Poster Paper: A Geospatial Analysis of the Criminalization of Homelessness in the United States of America

Friday, March 9, 2018
Burkle Lobby, First Floor (Burkle Family Building at Claremont Graduate University)

*Names in bold indicate Presenter

Elizabeth Rowen, Claremont Graduate University

In the past few decades, the amount of municipal codes and ordinances designed

to prevent life-sustaining behaviors from occurring for people who are homeless have

become more prevalent. This phenomenon is often referred to as the “criminalization of

homelessness” because the laws are designed to move, hide, or evict homeless people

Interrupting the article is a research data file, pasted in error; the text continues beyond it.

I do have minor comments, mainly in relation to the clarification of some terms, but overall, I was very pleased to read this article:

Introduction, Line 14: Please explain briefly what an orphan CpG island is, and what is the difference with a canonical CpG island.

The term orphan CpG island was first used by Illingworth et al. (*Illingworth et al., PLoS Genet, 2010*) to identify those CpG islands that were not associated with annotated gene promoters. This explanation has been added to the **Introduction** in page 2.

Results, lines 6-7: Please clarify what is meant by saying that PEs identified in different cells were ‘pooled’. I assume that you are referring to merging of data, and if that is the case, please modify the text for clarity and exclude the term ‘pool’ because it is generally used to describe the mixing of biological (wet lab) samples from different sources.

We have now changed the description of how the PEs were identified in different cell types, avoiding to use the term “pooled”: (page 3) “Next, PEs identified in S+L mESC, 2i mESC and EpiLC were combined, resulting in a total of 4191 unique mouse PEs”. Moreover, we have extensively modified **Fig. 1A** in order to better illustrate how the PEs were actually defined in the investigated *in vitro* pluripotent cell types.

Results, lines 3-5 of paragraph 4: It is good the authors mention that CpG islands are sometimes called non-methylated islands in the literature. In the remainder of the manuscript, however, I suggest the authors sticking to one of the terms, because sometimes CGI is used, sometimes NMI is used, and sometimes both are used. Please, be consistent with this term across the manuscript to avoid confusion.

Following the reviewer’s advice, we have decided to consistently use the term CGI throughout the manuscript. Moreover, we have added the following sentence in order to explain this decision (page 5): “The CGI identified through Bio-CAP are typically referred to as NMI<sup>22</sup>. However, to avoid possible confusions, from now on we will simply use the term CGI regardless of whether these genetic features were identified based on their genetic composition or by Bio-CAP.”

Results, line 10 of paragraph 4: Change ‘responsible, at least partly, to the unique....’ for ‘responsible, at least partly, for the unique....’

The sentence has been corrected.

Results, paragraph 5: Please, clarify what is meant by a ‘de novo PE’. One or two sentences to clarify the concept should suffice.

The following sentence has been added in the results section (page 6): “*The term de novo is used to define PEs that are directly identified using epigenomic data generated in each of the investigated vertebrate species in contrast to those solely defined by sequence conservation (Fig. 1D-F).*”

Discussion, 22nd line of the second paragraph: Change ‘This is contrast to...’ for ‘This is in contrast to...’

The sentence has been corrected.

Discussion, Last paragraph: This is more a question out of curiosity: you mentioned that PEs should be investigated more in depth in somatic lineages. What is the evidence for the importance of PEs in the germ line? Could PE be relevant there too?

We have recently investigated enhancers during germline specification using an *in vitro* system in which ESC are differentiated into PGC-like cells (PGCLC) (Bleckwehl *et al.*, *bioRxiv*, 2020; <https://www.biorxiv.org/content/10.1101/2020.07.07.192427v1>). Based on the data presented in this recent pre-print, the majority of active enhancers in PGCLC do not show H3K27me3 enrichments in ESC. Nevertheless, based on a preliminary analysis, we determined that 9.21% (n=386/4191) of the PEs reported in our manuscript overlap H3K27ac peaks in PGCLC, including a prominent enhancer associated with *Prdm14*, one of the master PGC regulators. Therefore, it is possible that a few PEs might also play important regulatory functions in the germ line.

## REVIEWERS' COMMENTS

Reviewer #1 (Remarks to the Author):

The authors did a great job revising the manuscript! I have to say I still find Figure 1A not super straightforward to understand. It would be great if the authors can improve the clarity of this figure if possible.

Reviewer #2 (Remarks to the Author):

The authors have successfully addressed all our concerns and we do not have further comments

from public spaces, and often include harsh punishments for violation. This project

attempts to understand whether or not the theory of policy diffusion can be useful for

explaining the magnitude, spread, and increased use of municipal ordinances that

criminalize homelessness in U.S. cities. In this paper, I pose the following research

question: does policy diffusion theory help to explain the increased breadth (prevalence)

and depth (magnitude) of municipal ordinances criminalizing homelessness in U.S.

cities? I argue that policy diffusion theory does provide a compelling explanation for how

and why municipal ordinances that criminalize homelessness have increased and spread

geographically across cities in the U.S. in recent years. In order to test the saliency of this

argument, I performed a hotspot analysis in ArcMap. I found that, when considering both

the number of cities in the U.S. using ordinances to criminalize homelessness and the

geographic concentration of these cities, the states of California and Florida contain hot

spots, indicating that policy diffusion may be occurring in these areas.